- CBN levels in the flowers fell by 38%.
- CBN concentrations in the leaves were lowered by 36%.
Further, the scientists learned that different fertilization regimens resulted in varying effects on hemp’s many cannabinoids.
For example, supplementing phosphorus alone didn’t cause any changes to the concentrations of THC (tetrahydrocannabinol), CBD, CBN, or CBG in any of the plant’s top flowers. However, there was a 16% reduction of THC in the leaves.
The researchers also offered the plants a supplementation program with humic acid only. This specific treatment had the most interesting effect. Instead of merely increasing or decreasing the cannabinoid concentrations, humic acid changed the plant’s chemical compounds’ distribution. Specifically, the cannabinoids were spread more evenly between the leaves, flowers, and stalk.
Additionally, the humic acid supplementation approach boosted cannabinoid levels only at the top of the hemp plant. However, overall, this fertilization method dropped THC concentrations by 37% and CBD by 39%.
With all this said, fertilization is not something to take lightly when growing cannabis, especially if you’re cultivating industrial hemp. Supplementing your soil’s nutritional availability can have dramatic consequences for your plant’s cannabinoid concentrations.
If you throw off your hemp’s delta-9-THC content too much, you might accidentally push the plant over the line to be legally considered as “marijuana.” (The cutoff for hemp is 0.3% THC.)
The main pointers to keep in mind when developing a fertilization routine for your hemp crop are as follows:
- Hemp’s nitrogen uptake is the highest during the first six to eight weeks of growth.
- The flowering and seeding stages require more potassium and phosphorus.
- Industrial hemp typically requires the following mineral quantities:
- Nitrogen: 80-100 lbs/ac (pounds per acre)
- Phosphate: 52-70 lbs/ac
- Potash: 52-70 lbs/ac
Not all cannabis growers can cultivate on a large scale. For example, someone might have state permission to grow their own cannabis through the state’s medical marijuana program.
If you’re growing cannabis at home, using high-quality potting soil or custom organic potting mix, your plants will do just fine with organic sources of nutrients like:
- Bone meal
- Earthworm castings
- A balanced NPK fertilizer
What is the best climate for hemp?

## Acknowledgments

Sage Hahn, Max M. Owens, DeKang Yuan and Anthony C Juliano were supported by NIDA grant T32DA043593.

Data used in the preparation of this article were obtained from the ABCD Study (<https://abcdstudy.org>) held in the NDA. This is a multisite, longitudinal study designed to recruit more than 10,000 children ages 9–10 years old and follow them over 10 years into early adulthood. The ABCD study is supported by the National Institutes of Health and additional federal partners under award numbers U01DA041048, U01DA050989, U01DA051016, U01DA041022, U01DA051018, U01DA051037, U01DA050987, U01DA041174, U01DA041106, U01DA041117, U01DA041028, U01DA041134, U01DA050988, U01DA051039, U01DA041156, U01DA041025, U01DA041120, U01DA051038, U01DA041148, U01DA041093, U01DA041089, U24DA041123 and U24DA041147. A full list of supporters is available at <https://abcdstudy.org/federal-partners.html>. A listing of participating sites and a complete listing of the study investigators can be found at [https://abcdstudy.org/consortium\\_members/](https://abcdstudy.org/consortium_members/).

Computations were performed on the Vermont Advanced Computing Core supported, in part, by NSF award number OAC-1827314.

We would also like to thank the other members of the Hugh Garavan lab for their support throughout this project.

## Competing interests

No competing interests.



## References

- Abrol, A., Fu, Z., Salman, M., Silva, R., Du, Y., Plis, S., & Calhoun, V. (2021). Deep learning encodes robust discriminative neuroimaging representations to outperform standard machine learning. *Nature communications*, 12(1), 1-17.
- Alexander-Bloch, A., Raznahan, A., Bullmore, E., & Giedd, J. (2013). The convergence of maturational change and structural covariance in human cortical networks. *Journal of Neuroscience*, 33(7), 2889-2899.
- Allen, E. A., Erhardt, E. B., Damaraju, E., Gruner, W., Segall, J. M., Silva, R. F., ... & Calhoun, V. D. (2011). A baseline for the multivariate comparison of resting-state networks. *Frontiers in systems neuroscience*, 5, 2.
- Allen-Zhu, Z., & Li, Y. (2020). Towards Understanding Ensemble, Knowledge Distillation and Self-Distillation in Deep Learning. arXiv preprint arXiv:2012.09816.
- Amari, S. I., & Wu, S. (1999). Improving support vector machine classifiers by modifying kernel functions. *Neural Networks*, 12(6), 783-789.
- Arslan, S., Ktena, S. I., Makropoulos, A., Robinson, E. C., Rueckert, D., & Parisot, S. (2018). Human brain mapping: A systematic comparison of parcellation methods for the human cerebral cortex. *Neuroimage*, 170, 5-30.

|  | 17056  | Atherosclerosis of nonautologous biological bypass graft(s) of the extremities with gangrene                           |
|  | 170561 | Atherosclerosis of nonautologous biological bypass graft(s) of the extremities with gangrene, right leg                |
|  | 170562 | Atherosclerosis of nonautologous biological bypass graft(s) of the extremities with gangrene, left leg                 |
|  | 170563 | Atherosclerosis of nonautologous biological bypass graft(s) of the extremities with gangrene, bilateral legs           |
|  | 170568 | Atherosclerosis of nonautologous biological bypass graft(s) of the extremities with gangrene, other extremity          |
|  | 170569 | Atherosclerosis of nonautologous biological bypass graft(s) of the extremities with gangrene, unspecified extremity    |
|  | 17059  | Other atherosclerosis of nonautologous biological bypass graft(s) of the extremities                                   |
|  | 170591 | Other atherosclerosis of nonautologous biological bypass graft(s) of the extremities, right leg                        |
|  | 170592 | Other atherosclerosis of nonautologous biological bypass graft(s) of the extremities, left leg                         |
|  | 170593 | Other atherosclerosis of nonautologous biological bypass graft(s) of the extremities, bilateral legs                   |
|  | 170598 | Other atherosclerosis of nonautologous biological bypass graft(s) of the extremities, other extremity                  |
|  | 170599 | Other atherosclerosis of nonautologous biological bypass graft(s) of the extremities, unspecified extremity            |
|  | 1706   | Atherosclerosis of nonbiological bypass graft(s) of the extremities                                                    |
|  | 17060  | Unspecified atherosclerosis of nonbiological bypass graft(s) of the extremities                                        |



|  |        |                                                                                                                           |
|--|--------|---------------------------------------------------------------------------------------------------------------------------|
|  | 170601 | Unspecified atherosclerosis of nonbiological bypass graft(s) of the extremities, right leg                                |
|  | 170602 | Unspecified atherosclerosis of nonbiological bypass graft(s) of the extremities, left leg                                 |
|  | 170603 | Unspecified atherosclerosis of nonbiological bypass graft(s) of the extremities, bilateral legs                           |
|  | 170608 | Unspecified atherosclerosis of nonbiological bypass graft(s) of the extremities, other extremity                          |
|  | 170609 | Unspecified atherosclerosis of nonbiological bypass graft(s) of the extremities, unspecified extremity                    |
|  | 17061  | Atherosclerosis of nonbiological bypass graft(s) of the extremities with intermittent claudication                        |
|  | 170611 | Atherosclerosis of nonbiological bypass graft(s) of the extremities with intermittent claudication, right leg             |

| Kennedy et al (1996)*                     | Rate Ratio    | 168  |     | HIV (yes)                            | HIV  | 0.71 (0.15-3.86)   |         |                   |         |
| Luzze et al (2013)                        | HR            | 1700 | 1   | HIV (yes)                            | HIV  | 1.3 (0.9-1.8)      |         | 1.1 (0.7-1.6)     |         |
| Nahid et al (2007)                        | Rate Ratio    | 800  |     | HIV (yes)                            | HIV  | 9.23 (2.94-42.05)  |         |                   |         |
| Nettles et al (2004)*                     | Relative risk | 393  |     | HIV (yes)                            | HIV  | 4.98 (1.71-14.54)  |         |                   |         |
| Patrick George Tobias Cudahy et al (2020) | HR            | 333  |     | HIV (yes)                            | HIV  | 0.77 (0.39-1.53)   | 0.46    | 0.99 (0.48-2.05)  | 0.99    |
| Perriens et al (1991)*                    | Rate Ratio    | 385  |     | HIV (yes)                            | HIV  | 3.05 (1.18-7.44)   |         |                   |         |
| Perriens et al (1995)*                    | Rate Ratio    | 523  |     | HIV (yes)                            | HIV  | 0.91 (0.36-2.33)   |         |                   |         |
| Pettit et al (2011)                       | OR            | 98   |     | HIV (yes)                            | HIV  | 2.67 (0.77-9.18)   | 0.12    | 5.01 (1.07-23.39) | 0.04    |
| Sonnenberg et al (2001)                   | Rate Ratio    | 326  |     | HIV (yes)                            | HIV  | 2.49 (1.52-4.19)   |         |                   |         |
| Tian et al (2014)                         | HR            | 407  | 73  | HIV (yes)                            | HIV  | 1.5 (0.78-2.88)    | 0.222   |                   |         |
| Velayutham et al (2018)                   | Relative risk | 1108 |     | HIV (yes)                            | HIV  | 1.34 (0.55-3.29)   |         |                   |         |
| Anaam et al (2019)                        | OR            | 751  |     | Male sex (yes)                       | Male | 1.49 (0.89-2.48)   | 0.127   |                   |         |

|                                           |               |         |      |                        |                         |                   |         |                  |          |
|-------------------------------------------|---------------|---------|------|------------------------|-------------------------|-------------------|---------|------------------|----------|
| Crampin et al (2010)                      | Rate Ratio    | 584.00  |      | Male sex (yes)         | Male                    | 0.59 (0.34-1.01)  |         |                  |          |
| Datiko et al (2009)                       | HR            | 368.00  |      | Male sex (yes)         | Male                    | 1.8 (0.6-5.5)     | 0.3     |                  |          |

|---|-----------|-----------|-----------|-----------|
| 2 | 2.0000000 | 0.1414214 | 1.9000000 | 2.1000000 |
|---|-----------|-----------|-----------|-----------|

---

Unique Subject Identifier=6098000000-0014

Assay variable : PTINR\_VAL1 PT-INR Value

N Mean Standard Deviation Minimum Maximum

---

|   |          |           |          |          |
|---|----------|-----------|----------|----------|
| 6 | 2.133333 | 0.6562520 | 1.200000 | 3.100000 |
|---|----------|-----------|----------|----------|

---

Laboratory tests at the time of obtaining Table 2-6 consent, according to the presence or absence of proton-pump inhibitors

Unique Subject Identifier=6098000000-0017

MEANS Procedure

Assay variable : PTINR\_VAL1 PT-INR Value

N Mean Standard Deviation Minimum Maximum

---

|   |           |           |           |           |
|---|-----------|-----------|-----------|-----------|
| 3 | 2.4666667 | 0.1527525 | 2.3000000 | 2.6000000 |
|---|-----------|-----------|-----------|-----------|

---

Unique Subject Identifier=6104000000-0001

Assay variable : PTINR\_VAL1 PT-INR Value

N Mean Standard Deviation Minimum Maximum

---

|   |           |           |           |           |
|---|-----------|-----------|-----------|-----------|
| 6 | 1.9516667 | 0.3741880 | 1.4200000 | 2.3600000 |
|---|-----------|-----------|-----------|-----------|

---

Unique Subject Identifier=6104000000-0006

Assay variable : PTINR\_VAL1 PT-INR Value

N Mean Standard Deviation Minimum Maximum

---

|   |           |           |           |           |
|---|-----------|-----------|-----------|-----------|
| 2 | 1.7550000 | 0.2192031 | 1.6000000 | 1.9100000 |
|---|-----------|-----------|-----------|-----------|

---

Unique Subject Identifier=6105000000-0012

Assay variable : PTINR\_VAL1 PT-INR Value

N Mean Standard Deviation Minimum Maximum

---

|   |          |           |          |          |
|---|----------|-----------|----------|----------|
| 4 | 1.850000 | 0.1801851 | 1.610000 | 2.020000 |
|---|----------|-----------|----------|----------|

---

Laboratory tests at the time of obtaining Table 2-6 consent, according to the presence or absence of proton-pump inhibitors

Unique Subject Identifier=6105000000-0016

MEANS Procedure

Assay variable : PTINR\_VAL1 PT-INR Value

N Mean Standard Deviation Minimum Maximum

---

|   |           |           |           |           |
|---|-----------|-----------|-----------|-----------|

Part of providing the optimal growing conditions and soil for cannabis is knowing what makes the best climate. An atmosphere that’s too dry can dehydrate your plants, sucking up the moisture shortly after watering. On the other hand, too much humidity can lead to mold growth and wet soil. Neither of these things is suitable for hemp plants and may inhibit their productivity.
Plus, the growing climate directly affects the soil temperature. Areas prone to sweltering temperatures will cause the soil to heat up, which can quite literally fry the root systems or the leaves.
(Fortunately, this is easily mitigated. Insulating the soil with a layer of mulch can keep the roots comfortable throughout the day, protecting them from severe weather fluctuations.)
Researchers have investigated hemp’s ideal climate conditions for decades. Here’s what most of that research has taught cultivators so far:
- Generally, a mild, humid climate is the best for growing hemp.
- Hemp does best in areas with at least 25-30” of rainfall per year.
- Northern locations at high elevation, particularly those with cold climates, have lower yields than warmer regions at lower elevations.
- Cannabis plants will flourish in full sun.
Sustainability and hemp cultivation
Hemp is one of the most sustainable crops that agriculturalists could ever dream of growing. It can improve the soil quality in which the plants grow and don’t need any harmful pesticides to resist attacks from insects. Plus, some of hemp’s chemical residue can be used to develop botanical substances to repel unwanted bugs organically.
Cultivating hemp is an essential part of improving Earth’s ability to resist environmental degradation if planted on a large scale. Here are some of the most critical advantages this plant has to offer the weakening planet.
Hemp’s role in soil remediation
Hemp is a deep-rooting plant, extending far down into the earth. (The plant’s roots can grow to about 0.5 m, or 1.6 ft, long.) This far-reaching root system is central to its ability to heal the soil by merely existing and allowing its normal physiological behaviors to play out.